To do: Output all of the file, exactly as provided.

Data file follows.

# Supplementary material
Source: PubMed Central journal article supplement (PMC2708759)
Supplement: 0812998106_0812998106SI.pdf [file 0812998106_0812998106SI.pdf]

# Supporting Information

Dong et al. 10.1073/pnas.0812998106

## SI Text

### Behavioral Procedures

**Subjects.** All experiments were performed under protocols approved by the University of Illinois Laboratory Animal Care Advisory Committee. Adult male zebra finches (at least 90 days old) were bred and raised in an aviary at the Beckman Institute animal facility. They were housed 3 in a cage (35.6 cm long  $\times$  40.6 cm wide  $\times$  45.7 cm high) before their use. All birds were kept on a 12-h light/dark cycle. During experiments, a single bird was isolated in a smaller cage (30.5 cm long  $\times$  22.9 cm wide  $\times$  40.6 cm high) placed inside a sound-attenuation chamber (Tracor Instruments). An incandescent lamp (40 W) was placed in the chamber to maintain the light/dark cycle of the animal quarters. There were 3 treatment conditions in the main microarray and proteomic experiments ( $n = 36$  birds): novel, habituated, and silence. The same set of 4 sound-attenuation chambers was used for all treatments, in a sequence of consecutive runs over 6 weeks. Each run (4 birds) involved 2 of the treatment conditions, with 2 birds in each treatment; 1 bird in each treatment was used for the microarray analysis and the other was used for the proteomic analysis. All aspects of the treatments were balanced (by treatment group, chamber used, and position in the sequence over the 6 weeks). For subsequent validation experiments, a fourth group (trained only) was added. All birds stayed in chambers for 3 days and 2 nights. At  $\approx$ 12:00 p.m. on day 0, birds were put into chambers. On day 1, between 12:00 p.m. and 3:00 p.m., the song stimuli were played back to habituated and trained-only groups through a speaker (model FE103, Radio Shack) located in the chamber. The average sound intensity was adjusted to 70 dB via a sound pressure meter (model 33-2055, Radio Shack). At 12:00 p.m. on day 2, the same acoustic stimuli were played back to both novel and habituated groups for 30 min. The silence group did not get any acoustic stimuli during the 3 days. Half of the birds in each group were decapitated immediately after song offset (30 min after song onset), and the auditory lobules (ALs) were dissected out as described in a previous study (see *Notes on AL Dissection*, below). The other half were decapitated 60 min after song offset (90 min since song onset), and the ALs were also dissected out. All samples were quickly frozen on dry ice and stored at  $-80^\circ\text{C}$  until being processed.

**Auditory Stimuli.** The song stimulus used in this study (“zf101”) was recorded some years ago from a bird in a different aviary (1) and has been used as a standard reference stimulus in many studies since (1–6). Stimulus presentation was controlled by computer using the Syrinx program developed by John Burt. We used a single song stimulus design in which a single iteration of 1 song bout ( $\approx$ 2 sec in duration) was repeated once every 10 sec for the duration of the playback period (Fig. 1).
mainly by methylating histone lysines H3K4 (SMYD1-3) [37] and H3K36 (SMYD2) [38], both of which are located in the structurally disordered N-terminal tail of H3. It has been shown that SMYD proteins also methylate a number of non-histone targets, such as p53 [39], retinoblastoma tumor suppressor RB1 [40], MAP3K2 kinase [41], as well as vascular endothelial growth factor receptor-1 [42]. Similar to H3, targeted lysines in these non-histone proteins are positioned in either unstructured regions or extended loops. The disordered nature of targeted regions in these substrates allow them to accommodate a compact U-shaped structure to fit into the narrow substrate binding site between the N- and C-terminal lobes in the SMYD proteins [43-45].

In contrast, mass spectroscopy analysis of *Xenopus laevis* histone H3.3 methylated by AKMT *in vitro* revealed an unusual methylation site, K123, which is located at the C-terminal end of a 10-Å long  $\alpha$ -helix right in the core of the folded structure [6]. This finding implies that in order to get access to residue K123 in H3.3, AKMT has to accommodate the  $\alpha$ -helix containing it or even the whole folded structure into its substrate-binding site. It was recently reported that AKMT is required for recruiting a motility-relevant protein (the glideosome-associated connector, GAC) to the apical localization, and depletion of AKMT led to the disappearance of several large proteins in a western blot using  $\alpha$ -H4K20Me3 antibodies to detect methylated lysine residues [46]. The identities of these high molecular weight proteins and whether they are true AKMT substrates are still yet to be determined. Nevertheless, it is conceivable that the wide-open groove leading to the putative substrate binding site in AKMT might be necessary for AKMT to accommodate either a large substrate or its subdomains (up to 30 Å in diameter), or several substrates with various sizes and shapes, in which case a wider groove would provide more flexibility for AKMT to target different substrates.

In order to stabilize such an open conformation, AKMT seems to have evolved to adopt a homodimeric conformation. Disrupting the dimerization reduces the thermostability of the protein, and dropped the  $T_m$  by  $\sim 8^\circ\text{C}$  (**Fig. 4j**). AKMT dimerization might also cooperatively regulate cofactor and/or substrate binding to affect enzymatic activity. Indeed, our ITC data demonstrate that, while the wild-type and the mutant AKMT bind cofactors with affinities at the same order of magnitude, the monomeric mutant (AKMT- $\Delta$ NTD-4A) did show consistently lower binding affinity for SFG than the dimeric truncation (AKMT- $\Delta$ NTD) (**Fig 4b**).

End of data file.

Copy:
# Supplementary material
Source: PubMed Central journal article supplement (PMC2708759)
Supplement: 0812998106_0812998106SI.pdf [file 0812998106_0812998106SI.pdf]

# Supporting Information

Dong et al. 10.1073/pnas.0812998106

## SI Text

### Behavioral Procedures

**Subjects.** All experiments were performed under protocols approved by the University of Illinois Laboratory Animal Care Advisory Committee. Adult male zebra finches (at least 90 days old) were bred and raised in an aviary at the Beckman Institute animal facility. They were housed 3 in a cage (35.6 cm long  $\times$  40.6 cm wide  $\times$  45.7 cm high) before their use. All birds were kept on a 12-h light/dark cycle. During experiments, a single bird was isolated in a smaller cage (30.5 cm long  $\times$  22.9 cm wide  $\times$  40.6 cm high) placed inside a sound-attenuation chamber (Tracor Instruments). An incandescent lamp (40 W) was placed in the chamber to maintain the light/dark cycle of the animal quarters. There were 3 treatment conditions in the main microarray and proteomic experiments ( $n = 36$  birds): novel, habituated, and silence. The same set of 4 sound-attenuation chambers was used for all treatments, in a sequence of consecutive runs over 6 weeks. Each run (4 birds) involved 2 of the treatment conditions, with 2 birds in each treatment; 1 bird in each treatment was used for the microarray analysis and the other was used for the proteomic analysis. All aspects of the treatments were balanced (by treatment group, chamber used, and position in the sequence over the 6 weeks). For subsequent validation experiments, a fourth group (trained only) was added. All birds stayed in chambers for 3 days and 2 nights. At  $\approx$ 12:00 p.m. on day 0, birds were put into chambers. On day 1, between 12:00 p.m. and 3:00 p.m., the song stimuli were played back to habituated and trained-only groups through a speaker (model FE103, Radio Shack) located in the chamber. The average sound intensity was adjusted to 70 dB via a sound pressure meter (model 33-2055, Radio Shack). At 12:00 p.m. on day 2, the same acoustic stimuli were played back to both novel and habituated groups for 30 min. The silence group did not get any acoustic stimuli during the 3 days. Half of the birds in each group were decapitated immediately after song offset (30 min after song onset), and the auditory lobules (ALs) were dissected out as described in a previous study (see *Notes on AL Dissection*, below). The other half were decapitated 60 min after song offset (90 min since song onset), and the ALs were also dissected out. All samples were quickly frozen on dry ice and stored at  $-80^\circ\text{C}$  until being processed.

**Auditory Stimuli.** The song stimulus used in this study (“zf101”) was recorded some years ago from a bird in a different aviary (1) and has been used as a standard reference stimulus in many studies since (1–6). Stimulus presentation was controlled by computer using the Syrinx program developed by John Burt. We used a single song stimulus design in which a single iteration of 1 song bout ( $\approx$ 2 sec in duration) was repeated once every 10 sec for the duration of the playback period (Fig. 1).
mainly by methylating histone lysines H3K4 (SMYD1-3) [37] and H3K36 (SMYD2) [38], both of which are located in the structurally disordered N-terminal tail of H3. It has been shown that SMYD proteins also methylate a number of non-histone targets, such as p53 [39], retinoblastoma tumor suppressor RB1 [40], MAP3K2 kinase [41], as well as vascular endothelial growth factor receptor-1 [42]. Similar to H3, targeted lysines in these non-histone proteins are positioned in either unstructured regions or extended loops. The disordered nature of targeted regions in these substrates allow them to accommodate a compact U-shaped structure to fit into the narrow substrate binding site between the N- and C-terminal lobes in the SMYD proteins [43-45].

In contrast, mass spectroscopy analysis of *Xenopus laevis* histone H3.3 methylated by AKMT *in vitro* revealed an unusual methylation site, K123, which is located at the C-terminal end of a 10-Å long  $\alpha$ -helix right in the core of the folded structure [6]. This finding implies that in order to get access to residue K123 in H3.3, AKMT has to accommodate the  $\alpha$ -helix containing it or even the whole folded structure into its substrate-binding site. It was recently reported that AKMT is required for recruiting a motility-relevant protein (the glideosome-associated connector, GAC) to the apical localization, and depletion of AKMT led to the disappearance of several large proteins in a western blot using  $\alpha$ -H4K20Me3 antibodies to detect methylated lysine residues [46]. The identities of these high molecular weight proteins and whether they are true AKMT substrates are still yet to be determined. Nevertheless, it is conceivable that the wide-open groove leading to the putative substrate binding site in AKMT might be necessary for AKMT to accommodate either a large substrate or its subdomains (up to 30 Å in diameter), or several substrates with various sizes and shapes, in which case a wider groove would provide more flexibility for AKMT to target different substrates.

In order to stabilize such an open conformation, AKMT seems to have evolved to adopt a homodimeric conformation. Disrupting the dimerization reduces the thermostability of the protein, and dropped the  $T_m$  by  $\sim 8^\circ\text{C}$  (**Fig. 4j**). AKMT dimerization might also cooperatively regulate cofactor and/or substrate binding to affect enzymatic activity. Indeed, our ITC data demonstrate that, while the wild-type and the mutant AKMT bind cofactors with affinities at the same order of magnitude, the monomeric mutant (AKMT- $\Delta$ NTD-4A) did show consistently lower binding affinity for SFG than the dimeric truncation (AKMT- $\Delta$ NTD) (**Fig 4b**).